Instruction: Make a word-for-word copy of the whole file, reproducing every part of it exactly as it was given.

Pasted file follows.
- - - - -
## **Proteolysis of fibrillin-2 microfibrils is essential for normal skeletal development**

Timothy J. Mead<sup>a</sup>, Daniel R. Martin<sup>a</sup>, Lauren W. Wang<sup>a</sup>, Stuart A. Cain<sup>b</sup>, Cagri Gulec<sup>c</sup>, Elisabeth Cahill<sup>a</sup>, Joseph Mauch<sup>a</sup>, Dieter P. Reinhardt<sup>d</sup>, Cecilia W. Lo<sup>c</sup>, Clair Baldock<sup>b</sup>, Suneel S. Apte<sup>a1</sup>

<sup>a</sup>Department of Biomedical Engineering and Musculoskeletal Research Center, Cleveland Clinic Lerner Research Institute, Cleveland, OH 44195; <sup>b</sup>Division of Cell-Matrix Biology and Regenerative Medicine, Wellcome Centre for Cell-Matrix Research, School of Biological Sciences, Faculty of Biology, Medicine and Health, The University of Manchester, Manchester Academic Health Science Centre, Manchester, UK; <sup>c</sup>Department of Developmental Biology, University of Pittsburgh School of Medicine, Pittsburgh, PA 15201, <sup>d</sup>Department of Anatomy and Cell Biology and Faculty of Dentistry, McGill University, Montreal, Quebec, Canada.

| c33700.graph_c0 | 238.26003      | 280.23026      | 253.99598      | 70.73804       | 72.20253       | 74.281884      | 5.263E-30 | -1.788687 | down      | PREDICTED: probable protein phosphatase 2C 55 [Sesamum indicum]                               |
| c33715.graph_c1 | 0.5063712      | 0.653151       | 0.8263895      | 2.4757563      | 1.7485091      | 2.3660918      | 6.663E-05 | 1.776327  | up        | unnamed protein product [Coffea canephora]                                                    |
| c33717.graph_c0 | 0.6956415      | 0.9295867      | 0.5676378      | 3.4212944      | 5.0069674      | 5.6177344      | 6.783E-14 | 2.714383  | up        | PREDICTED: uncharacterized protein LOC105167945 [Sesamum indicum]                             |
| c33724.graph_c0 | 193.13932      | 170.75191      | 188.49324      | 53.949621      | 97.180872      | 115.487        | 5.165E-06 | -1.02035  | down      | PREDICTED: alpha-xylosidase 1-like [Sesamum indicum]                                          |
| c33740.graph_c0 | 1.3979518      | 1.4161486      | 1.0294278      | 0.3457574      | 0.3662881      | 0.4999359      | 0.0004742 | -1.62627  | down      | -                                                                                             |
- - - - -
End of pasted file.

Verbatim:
## **Proteolysis of fibrillin-2 microfibrils is essential for normal skeletal development**

Timothy J. Mead<sup>a</sup>, Daniel R. Martin<sup>a</sup>, Lauren W. Wang<sup>a</sup>, Stuart A. Cain<sup>b</sup>, Cagri Gulec<sup>c</sup>, Elisabeth Cahill<sup>a</sup>, Joseph Mauch<sup>a</sup>, Dieter P. Reinhardt<sup>d</sup>, Cecilia W. Lo<sup>c</sup>, Clair Baldock<sup>b</sup>, Suneel S. Apte<sup>a1</sup>

<sup>a</sup>Department of Biomedical Engineering and Musculoskeletal Research Center, Cleveland Clinic Lerner Research Institute, Cleveland, OH 44195; <sup>b</sup>Division of Cell-Matrix Biology and Regenerative Medicine, Wellcome Centre for Cell-Matrix Research, School of Biological Sciences, Faculty of Biology, Medicine and Health, The University of Manchester, Manchester Academic Health Science Centre, Manchester, UK; <sup>c</sup>Department of Developmental Biology, University of Pittsburgh School of Medicine, Pittsburgh, PA 15201, <sup>d</sup>Department of Anatomy and Cell Biology and Faculty of Dentistry, McGill University, Montreal, Quebec, Canada.

| c33700.graph_c0 | 238.26003      | 280.23026      | 253.99598      | 70.73804       | 72.20253       | 74.281884      | 5.263E-30 | -1.788687 | down      | PREDICTED: probable protein phosphatase 2C 55 [Sesamum indicum]                               |
| c33715.graph_c1 | 0.5063712      | 0.653151       | 0.8263895      | 2.4757563      | 1.7485091      | 2.3660918      | 6.663E-05 | 1.776327  | up        | unnamed protein product [Coffea canephora]                                                    |
| c33717.graph_c0 | 0.6956415      | 0.9295867      | 0.5676378      | 3.4212944      | 5.0069674      | 5.6177344      | 6.783E-14 | 2.714383  | up        | PREDICTED: uncharacterized protein LOC105167945 [Sesamum indicum]                             |
| c33724.graph_c0 | 193.13932      | 170.75191      | 188.49324      | 53.949621      | 97.180872      | 115.487        | 5.165E-06 | -1.02035  | down      | PREDICTED: alpha-xylosidase 1-like [Sesamum indicum]                                          |
| c33740.graph_c0 | 1.3979518      | 1.4161486      | 1.0294278      | 0.3457574      | 0.3662881      | 0.4999359      | 0.0004742 | -1.62627  | down      | -                                                                                             |